But as revered as he was on the football field by his own players and opposing coaches, Mr. Cella was also a great family man. He married Mary Cataldo in 1949 and they had three children, Michael Cella, who would follow in his fatherâ€™s footsteps as the head football coach at Revere High; Gina Cella, who has achieved success in the business world; and the late Steven Cella, who died in 1969.
Michael Cella talked about his fatherâ€™s love of family in his address at the funeral.
â€œYou see, my father was all about family,â€ said Michael Cella. â€œYes, football and â€˜ath-a-letics,â€™ as he would call it, were what he did. But family was his number one.
â€œMy father was a man who cared deeply for family and friends. There was nothing he would not do for anyone he came in contact with.â€
Michael Cella said his father was â€œa great one for odes,â€ and how he would often arrive at important occasions with an ode that he had prepared in advance.
Saying he was going to try his best to emulate his father, Michael Cella rose to the occasion of the most important tribute in his life with an emotional delivery of a beautifully composed ode that highlighted the many significant achievements in his fatherâ€™s life â€“ from his football coaching to his union with his wife, Mary Cataldo (â€œthe girl of his dreams, together they formed the most beautiful team,â€), his service in the war, to how much he enjoyed being a grandfather and greatgrandfater.
Michael Cella lovingly demonstrated his fatherâ€™s traditional â€œwaveâ€ of the left hand, and in closing, he thanked his sister, Gina, â€œfor everything you always did for our Dad. When it came to my father, my sister had wings.â€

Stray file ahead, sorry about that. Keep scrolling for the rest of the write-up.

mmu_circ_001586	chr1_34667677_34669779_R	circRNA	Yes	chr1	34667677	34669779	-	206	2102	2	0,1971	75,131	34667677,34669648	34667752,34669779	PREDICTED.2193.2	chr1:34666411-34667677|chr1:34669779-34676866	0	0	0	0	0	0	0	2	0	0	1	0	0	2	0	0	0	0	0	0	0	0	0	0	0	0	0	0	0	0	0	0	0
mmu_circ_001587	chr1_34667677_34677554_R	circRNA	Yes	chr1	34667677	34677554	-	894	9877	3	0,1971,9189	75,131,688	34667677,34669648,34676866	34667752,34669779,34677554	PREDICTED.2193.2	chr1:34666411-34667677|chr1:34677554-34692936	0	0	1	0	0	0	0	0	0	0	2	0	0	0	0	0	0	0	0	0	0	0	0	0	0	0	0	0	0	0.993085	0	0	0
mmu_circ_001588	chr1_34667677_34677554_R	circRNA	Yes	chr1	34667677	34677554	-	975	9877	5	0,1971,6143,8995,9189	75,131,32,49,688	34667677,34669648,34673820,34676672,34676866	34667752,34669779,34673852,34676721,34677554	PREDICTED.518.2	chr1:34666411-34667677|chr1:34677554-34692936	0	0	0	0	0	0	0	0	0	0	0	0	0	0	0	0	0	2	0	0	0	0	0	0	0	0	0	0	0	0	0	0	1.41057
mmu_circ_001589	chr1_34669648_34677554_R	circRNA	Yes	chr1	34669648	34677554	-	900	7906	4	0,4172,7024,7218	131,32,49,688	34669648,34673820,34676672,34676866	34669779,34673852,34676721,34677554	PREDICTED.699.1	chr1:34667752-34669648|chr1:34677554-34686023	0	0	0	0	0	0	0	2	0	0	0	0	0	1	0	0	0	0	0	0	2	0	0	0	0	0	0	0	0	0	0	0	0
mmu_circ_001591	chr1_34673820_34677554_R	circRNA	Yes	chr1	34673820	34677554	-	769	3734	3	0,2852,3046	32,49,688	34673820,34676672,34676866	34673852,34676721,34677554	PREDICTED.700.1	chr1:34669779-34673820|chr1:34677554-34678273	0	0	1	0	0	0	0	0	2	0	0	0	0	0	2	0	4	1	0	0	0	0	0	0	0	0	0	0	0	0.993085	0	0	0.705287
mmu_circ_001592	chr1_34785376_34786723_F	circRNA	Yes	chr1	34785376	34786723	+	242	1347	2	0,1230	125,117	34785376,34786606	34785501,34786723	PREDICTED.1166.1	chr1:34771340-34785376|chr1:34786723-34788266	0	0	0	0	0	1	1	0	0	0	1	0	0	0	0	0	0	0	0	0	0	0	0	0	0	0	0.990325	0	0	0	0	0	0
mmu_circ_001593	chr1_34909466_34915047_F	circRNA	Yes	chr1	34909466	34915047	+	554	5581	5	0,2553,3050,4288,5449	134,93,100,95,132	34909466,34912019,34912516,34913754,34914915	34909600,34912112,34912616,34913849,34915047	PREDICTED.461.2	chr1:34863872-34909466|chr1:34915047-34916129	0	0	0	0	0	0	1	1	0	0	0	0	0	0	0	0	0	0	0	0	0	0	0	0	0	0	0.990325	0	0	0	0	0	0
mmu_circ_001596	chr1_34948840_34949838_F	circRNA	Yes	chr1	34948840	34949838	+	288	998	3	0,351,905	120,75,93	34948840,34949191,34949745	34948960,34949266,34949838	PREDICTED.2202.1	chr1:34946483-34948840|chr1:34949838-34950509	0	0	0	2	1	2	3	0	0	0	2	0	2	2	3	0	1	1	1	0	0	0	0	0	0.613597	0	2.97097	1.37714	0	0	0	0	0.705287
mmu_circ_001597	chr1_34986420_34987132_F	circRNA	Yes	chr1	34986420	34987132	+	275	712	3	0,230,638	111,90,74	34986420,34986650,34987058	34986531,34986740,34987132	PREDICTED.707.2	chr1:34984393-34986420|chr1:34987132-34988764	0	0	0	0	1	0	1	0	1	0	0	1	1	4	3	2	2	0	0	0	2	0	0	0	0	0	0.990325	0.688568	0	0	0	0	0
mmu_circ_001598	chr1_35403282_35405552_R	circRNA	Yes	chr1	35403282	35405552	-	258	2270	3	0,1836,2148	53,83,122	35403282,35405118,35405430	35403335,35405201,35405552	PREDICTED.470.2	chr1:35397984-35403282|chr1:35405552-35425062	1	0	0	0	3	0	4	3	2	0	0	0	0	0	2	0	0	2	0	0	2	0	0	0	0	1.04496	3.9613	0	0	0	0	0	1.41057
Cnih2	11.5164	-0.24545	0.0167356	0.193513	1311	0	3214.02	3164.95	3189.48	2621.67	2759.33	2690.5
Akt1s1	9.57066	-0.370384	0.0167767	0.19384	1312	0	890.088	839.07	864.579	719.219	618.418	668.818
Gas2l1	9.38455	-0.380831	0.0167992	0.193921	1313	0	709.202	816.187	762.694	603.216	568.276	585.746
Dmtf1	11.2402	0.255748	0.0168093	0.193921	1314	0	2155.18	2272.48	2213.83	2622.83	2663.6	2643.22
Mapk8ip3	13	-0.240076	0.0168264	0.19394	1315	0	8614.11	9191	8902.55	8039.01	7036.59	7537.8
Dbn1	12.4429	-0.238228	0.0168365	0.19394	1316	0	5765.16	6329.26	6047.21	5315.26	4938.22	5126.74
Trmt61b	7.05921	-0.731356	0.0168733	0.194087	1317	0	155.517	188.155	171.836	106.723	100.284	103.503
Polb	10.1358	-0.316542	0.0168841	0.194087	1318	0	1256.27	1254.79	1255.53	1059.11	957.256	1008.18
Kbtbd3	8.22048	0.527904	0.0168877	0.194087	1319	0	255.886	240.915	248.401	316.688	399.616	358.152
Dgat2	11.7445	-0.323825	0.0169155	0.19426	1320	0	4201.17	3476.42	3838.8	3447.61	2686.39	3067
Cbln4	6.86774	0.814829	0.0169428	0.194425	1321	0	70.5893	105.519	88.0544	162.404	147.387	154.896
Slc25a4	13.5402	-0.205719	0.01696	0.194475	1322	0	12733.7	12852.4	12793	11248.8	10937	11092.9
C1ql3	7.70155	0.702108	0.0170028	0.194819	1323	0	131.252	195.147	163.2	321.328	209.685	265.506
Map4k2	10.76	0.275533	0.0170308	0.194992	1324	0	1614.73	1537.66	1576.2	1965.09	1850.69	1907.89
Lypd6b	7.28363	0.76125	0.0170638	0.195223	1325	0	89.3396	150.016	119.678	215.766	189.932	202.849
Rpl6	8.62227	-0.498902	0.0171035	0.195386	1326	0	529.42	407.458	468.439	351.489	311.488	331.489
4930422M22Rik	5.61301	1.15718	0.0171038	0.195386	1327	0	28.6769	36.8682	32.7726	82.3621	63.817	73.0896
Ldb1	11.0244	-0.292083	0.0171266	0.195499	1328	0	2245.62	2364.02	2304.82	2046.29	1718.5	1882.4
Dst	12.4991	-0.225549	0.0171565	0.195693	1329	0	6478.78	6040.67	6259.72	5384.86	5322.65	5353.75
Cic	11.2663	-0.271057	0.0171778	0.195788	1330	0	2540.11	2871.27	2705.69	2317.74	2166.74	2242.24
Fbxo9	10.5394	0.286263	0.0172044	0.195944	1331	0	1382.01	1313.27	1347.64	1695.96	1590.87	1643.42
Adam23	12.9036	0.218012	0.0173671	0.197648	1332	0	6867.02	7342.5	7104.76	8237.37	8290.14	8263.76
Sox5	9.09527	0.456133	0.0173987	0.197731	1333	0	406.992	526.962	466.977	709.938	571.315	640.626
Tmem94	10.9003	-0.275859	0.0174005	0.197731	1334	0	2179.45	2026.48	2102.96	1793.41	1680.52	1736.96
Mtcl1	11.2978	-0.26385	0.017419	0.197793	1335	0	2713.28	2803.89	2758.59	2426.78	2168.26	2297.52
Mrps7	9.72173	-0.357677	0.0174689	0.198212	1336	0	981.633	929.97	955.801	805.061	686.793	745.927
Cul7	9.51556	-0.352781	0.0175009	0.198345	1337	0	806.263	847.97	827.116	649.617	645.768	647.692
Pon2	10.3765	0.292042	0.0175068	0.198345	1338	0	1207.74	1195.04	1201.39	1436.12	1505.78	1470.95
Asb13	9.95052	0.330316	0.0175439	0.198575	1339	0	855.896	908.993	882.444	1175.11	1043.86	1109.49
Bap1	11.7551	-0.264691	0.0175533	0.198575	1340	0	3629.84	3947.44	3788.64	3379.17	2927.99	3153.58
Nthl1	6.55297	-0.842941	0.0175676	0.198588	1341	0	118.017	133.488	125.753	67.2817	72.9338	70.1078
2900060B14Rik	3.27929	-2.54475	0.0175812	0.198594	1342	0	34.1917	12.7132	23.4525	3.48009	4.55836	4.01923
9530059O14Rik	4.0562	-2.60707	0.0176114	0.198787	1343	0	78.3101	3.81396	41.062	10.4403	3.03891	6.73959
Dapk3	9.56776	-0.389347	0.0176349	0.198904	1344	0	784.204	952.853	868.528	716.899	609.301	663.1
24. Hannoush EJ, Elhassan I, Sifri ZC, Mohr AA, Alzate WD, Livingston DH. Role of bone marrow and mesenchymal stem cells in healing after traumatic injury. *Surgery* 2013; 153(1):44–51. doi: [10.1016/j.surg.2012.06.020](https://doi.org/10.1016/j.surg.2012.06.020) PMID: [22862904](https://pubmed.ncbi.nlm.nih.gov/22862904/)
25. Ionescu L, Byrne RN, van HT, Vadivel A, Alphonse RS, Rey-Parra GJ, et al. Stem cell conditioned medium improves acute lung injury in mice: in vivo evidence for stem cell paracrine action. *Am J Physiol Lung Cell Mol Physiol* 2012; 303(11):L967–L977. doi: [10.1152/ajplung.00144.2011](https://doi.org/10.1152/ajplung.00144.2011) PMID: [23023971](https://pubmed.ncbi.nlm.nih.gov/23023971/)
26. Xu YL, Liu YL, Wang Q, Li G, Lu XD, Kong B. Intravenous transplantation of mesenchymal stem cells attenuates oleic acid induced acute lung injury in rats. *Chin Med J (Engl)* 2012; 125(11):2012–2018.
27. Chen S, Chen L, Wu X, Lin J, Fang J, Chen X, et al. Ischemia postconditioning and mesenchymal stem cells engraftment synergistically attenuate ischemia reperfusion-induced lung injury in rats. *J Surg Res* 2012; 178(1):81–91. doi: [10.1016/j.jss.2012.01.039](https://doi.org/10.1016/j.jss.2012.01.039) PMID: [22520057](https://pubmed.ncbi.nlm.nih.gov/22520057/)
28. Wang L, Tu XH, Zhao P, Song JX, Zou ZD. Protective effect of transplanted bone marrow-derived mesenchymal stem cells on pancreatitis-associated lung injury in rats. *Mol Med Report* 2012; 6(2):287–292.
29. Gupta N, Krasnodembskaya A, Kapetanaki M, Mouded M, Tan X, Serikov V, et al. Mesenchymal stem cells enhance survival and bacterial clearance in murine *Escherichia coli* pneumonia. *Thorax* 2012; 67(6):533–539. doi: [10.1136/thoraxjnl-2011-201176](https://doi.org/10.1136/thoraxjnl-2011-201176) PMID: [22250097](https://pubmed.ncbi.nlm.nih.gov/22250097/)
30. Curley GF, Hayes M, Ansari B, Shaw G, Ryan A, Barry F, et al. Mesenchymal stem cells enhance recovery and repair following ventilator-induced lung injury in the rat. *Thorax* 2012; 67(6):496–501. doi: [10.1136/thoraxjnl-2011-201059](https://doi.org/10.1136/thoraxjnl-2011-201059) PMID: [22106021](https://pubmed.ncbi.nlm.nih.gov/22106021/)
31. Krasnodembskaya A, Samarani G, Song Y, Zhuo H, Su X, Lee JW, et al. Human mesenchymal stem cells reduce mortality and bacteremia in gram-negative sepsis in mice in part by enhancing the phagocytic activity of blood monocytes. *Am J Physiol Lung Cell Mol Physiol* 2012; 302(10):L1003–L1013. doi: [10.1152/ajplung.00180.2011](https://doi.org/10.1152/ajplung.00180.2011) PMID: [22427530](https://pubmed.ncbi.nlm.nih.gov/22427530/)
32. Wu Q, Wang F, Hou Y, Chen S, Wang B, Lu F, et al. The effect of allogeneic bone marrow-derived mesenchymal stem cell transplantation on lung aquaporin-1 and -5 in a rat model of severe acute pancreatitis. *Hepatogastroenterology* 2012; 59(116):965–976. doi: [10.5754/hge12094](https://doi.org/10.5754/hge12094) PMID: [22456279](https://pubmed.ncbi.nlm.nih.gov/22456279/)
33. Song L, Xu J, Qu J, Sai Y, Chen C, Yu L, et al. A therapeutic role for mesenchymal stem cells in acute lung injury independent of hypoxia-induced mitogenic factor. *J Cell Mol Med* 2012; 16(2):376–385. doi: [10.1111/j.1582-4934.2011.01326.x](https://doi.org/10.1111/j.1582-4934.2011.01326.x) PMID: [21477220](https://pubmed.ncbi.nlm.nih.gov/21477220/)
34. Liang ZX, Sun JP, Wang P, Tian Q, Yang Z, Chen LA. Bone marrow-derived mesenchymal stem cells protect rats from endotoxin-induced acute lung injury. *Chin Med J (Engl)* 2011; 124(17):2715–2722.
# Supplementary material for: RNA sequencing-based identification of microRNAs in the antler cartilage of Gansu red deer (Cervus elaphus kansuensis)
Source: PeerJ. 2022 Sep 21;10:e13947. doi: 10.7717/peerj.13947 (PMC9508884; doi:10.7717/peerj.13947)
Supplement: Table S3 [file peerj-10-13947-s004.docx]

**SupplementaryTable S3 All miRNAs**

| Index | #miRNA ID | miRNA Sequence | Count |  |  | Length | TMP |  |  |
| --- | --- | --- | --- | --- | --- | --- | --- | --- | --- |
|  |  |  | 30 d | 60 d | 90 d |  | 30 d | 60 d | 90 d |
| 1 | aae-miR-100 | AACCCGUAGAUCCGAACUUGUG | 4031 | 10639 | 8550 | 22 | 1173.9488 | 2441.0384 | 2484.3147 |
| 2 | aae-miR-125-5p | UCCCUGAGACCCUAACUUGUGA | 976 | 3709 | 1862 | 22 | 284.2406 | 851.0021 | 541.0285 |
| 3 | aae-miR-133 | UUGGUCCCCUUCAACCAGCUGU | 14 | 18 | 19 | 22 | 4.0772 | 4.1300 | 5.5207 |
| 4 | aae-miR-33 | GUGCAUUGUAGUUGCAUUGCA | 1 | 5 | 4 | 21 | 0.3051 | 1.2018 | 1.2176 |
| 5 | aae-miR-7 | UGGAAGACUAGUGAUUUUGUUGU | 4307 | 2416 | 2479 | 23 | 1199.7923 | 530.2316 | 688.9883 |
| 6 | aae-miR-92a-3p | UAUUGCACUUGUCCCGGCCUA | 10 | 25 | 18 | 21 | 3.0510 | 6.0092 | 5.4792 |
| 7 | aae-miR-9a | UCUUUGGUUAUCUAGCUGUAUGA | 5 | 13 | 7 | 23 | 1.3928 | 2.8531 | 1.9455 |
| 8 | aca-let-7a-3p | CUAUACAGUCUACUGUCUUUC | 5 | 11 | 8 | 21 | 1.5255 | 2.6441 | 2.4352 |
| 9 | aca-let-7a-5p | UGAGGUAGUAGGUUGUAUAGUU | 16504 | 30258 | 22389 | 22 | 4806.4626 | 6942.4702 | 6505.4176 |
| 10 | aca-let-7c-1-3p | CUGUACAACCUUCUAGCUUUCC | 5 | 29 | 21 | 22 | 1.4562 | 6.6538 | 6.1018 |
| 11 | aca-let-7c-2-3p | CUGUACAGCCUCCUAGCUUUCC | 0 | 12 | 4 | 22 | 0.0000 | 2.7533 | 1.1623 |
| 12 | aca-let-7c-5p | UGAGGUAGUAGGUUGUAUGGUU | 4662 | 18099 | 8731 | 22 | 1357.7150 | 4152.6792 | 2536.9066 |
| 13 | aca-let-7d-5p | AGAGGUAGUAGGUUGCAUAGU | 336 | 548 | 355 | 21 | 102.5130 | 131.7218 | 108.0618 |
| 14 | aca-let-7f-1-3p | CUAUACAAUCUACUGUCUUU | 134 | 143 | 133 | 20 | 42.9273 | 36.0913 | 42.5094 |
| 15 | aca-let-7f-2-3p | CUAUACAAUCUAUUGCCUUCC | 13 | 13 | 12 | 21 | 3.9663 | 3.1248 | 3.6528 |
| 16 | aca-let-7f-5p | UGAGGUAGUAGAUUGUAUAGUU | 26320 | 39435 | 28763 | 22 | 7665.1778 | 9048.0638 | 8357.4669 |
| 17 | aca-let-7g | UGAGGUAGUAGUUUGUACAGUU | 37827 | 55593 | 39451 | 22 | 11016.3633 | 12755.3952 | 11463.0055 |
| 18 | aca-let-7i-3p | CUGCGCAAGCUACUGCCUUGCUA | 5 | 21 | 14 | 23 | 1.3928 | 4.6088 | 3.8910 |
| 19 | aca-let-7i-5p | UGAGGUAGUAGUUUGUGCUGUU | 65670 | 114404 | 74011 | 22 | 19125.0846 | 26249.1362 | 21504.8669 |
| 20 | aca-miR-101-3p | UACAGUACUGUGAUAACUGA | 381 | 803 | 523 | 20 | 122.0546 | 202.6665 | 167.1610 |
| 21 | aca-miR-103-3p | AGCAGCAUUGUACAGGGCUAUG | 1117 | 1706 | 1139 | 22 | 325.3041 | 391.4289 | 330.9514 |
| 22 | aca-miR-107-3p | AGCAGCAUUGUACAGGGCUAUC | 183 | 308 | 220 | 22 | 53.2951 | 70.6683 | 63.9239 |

Coach ‘Niz’ remembers Silvio Cella
Edward Nizwantowski, the former outstanding Peabody High football coach, was among those paying tribute to Mr. Cella this week. Nizwantowski had a unique perspective of the Cella familyâ€™s position of royalty on the high school football scene, having coached against both Silvio Cella and Michael Cella in the Greater Boston League, and coached Mr. Cellaâ€™s grandson, Steve, at Peabody High. An outstanding athlete, Steve continued his football career at Trinity College, a prestigious school in Connecticut.
â€œItâ€™s just a tremendous family,â€ said Nizwantowski. Coaching against Silvio was an adventure because he was so innovative. The thing I remember most about Silvio is his compassion. When I was coming into the league as a rookie coach and I was getting nailed, Silvio just showed so much compassion and caring and he made you feel so welcomed into the fraternity and those are things I remember most about him.
â€œMichael Cella made a tremendous contribution to our program when he was on our staff in Peabody,â€ said Nizwantowski. â€œI canâ€™t say enough about Steven Cella. I knew him since he was five years old. He was a joy to coach. He was very talented and you knew he had the good stock in him. To watch him grow up and become the football player, the athlete, and all-around person he is today, is self satisfying.â€